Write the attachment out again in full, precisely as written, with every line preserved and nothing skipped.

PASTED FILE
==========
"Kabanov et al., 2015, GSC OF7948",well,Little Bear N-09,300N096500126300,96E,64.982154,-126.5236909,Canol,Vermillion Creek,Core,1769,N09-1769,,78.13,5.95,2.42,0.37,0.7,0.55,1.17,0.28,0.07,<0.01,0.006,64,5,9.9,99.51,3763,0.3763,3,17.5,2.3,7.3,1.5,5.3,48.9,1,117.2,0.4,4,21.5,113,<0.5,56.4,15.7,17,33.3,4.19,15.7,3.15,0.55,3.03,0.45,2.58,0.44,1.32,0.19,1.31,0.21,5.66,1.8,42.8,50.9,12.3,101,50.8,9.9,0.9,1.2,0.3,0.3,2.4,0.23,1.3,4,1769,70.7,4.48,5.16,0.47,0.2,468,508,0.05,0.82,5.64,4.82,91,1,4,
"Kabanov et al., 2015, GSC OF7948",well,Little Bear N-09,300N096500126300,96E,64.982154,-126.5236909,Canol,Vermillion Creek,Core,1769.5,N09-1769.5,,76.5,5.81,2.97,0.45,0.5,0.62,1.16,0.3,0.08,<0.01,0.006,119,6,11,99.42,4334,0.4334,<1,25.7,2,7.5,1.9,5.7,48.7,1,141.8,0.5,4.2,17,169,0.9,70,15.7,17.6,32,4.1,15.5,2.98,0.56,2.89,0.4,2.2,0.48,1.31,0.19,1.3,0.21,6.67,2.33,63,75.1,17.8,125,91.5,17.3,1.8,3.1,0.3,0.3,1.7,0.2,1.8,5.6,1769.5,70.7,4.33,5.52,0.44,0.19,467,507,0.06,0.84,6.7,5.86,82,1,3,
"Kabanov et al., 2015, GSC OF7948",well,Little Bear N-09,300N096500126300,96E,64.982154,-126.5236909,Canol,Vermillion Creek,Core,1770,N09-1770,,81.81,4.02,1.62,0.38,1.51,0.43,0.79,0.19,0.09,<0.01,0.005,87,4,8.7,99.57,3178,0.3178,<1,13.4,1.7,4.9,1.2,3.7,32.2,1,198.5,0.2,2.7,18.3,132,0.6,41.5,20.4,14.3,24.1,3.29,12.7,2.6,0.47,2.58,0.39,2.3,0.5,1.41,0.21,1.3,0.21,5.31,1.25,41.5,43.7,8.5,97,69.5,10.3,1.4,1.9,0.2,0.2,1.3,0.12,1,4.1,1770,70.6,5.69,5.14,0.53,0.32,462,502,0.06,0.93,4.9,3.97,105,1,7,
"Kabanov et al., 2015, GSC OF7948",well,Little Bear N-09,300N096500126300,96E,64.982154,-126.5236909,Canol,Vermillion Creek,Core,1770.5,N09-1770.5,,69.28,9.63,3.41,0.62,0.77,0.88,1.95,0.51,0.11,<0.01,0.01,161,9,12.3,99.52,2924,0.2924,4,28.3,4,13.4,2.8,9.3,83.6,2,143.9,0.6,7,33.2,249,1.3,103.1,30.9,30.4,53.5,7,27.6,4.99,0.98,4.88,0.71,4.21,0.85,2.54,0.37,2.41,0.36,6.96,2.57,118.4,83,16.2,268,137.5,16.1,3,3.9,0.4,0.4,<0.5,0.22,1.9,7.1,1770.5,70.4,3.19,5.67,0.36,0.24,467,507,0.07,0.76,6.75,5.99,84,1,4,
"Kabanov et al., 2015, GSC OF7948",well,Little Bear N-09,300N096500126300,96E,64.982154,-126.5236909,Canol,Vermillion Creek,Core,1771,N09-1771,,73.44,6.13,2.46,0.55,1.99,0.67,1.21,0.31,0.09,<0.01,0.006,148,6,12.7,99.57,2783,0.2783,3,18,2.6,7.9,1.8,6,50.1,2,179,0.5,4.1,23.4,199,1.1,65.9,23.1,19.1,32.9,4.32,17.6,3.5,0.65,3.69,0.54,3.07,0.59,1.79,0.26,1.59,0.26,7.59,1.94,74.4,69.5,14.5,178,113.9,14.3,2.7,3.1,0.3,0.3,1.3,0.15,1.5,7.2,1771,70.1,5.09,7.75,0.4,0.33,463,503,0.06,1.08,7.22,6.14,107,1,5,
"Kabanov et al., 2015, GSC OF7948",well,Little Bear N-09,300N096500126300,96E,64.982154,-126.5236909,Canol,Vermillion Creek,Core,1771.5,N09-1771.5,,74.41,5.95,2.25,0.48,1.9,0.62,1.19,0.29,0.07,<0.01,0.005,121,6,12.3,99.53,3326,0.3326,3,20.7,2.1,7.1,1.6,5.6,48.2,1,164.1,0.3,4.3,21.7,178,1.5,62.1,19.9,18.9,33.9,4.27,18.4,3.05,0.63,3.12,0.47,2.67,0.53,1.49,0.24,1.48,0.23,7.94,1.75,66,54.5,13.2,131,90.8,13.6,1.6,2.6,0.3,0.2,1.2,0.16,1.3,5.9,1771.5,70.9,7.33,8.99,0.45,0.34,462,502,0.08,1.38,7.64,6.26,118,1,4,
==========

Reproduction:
"Kabanov et al., 2015, GSC OF7948",well,Little Bear N-09,300N096500126300,96E,64.982154,-126.5236909,Canol,Vermillion Creek,Core,1769,N09-1769,,78.13,5.95,2.42,0.37,0.7,0.55,1.17,0.28,0.07,<0.01,0.006,64,5,9.9,99.51,3763,0.3763,3,17.5,2.3,7.3,1.5,5.3,48.9,1,117.2,0.4,4,21.5,113,<0.5,56.4,15.7,17,33.3,4.19,15.7,3.15,0.55,3.03,0.45,2.58,0.44,1.32,0.19,1.31,0.21,5.66,1.8,42.8,50.9,12.3,101,50.8,9.9,0.9,1.2,0.3,0.3,2.4,0.23,1.3,4,1769,70.7,4.48,5.16,0.47,0.2,468,508,0.05,0.82,5.64,4.82,91,1,4,
"Kabanov et al., 2015, GSC OF7948",well,Little Bear N-09,300N096500126300,96E,64.982154,-126.5236909,Canol,Vermillion Creek,Core,1769.5,N09-1769.5,,76.5,5.81,2.97,0.45,0.5,0.62,1.16,0.3,0.08,<0.01,0.006,119,6,11,99.42,4334,0.4334,<1,25.7,2,7.5,1.9,5.7,48.7,1,141.8,0.5,4.2,17,169,0.9,70,15.7,17.6,32,4.1,15.5,2.98,0.56,2.89,0.4,2.2,0.48,1.31,0.19,1.3,0.21,6.67,2.33,63,75.1,17.8,125,91.5,17.3,1.8,3.1,0.3,0.3,1.7,0.2,1.8,5.6,1769.5,70.7,4.33,5.52,0.44,0.19,467,507,0.06,0.84,6.7,5.86,82,1,3,
"Kabanov et al., 2015, GSC OF7948",well,Little Bear N-09,300N096500126300,96E,64.982154,-126.5236909,Canol,Vermillion Creek,Core,1770,N09-1770,,81.81,4.02,1.62,0.38,1.51,0.43,0.79,0.19,0.09,<0.01,0.005,87,4,8.7,99.57,3178,0.3178,<1,13.4,1.7,4.9,1.2,3.7,32.2,1,198.5,0.2,2.7,18.3,132,0.6,41.5,20.4,14.3,24.1,3.29,12.7,2.6,0.47,2.58,0.39,2.3,0.5,1.41,0.21,1.3,0.21,5.31,1.25,41.5,43.7,8.5,97,69.5,10.3,1.4,1.9,0.2,0.2,1.3,0.12,1,4.1,1770,70.6,5.69,5.14,0.53,0.32,462,502,0.06,0.93,4.9,3.97,105,1,7,
"Kabanov et al., 2015, GSC OF7948",well,Little Bear N-09,300N096500126300,96E,64.982154,-126.5236909,Canol,Vermillion Creek,Core,1770.5,N09-1770.5,,69.28,9.63,3.41,0.62,0.77,0.88,1.95,0.51,0.11,<0.01,0.01,161,9,12.3,99.52,2924,0.2924,4,28.3,4,13.4,2.8,9.3,83.6,2,143.9,0.6,7,33.2,249,1.3,103.1,30.9,30.4,53.5,7,27.6,4.99,0.98,4.88,0.71,4.21,0.85,2.54,0.37,2.41,0.36,6.96,2.57,118.4,83,16.2,268,137.5,16.1,3,3.9,0.4,0.4,<0.5,0.22,1.9,7.1,1770.5,70.4,3.19,5.67,0.36,0.24,467,507,0.07,0.76,6.75,5.99,84,1,4,
"Kabanov et al., 2015, GSC OF7948",well,Little Bear N-09,300N096500126300,96E,64.982154,-126.5236909,Canol,Vermillion Creek,Core,1771,N09-1771,,73.44,6.13,2.46,0.55,1.99,0.67,1.21,0.31,0.09,<0.01,0.006,148,6,12.7,99.57,2783,0.2783,3,18,2.6,7.9,1.8,6,50.1,2,179,0.5,4.1,23.4,199,1.1,65.9,23.1,19.1,32.9,4.32,17.6,3.5,0.65,3.69,0.54,3.07,0.59,1.79,0.26,1.59,0.26,7.59,1.94,74.4,69.5,14.5,178,113.9,14.3,2.7,3.1,0.3,0.3,1.3,0.15,1.5,7.2,1771,70.1,5.09,7.75,0.4,0.33,463,503,0.06,1.08,7.22,6.14,107,1,5,
"Kabanov et al., 2015, GSC OF7948",well,Little Bear N-09,300N096500126300,96E,64.982154,-126.5236909,Canol,Vermillion Creek,Core,1771.5,N09-1771.5,,74.41,5.95,2.25,0.48,1.9,0.62,1.19,0.29,0.07,<0.01,0.005,121,6,12.3,99.53,3326,0.3326,3,20.7,2.1,7.1,1.6,5.6,48.2,1,164.1,0.3,4.3,21.7,178,1.5,62.1,19.9,18.9,33.9,4.27,18.4,3.05,0.63,3.12,0.47,2.67,0.53,1.49,0.24,1.48,0.23,7.94,1.75,66,54.5,13.2,131,90.8,13.6,1.6,2.6,0.3,0.2,1.2,0.16,1.3,5.9,1771.5,70.9,7.33,8.99,0.45,0.34,462,502,0.08,1.38,7.64,6.26,118,1,4,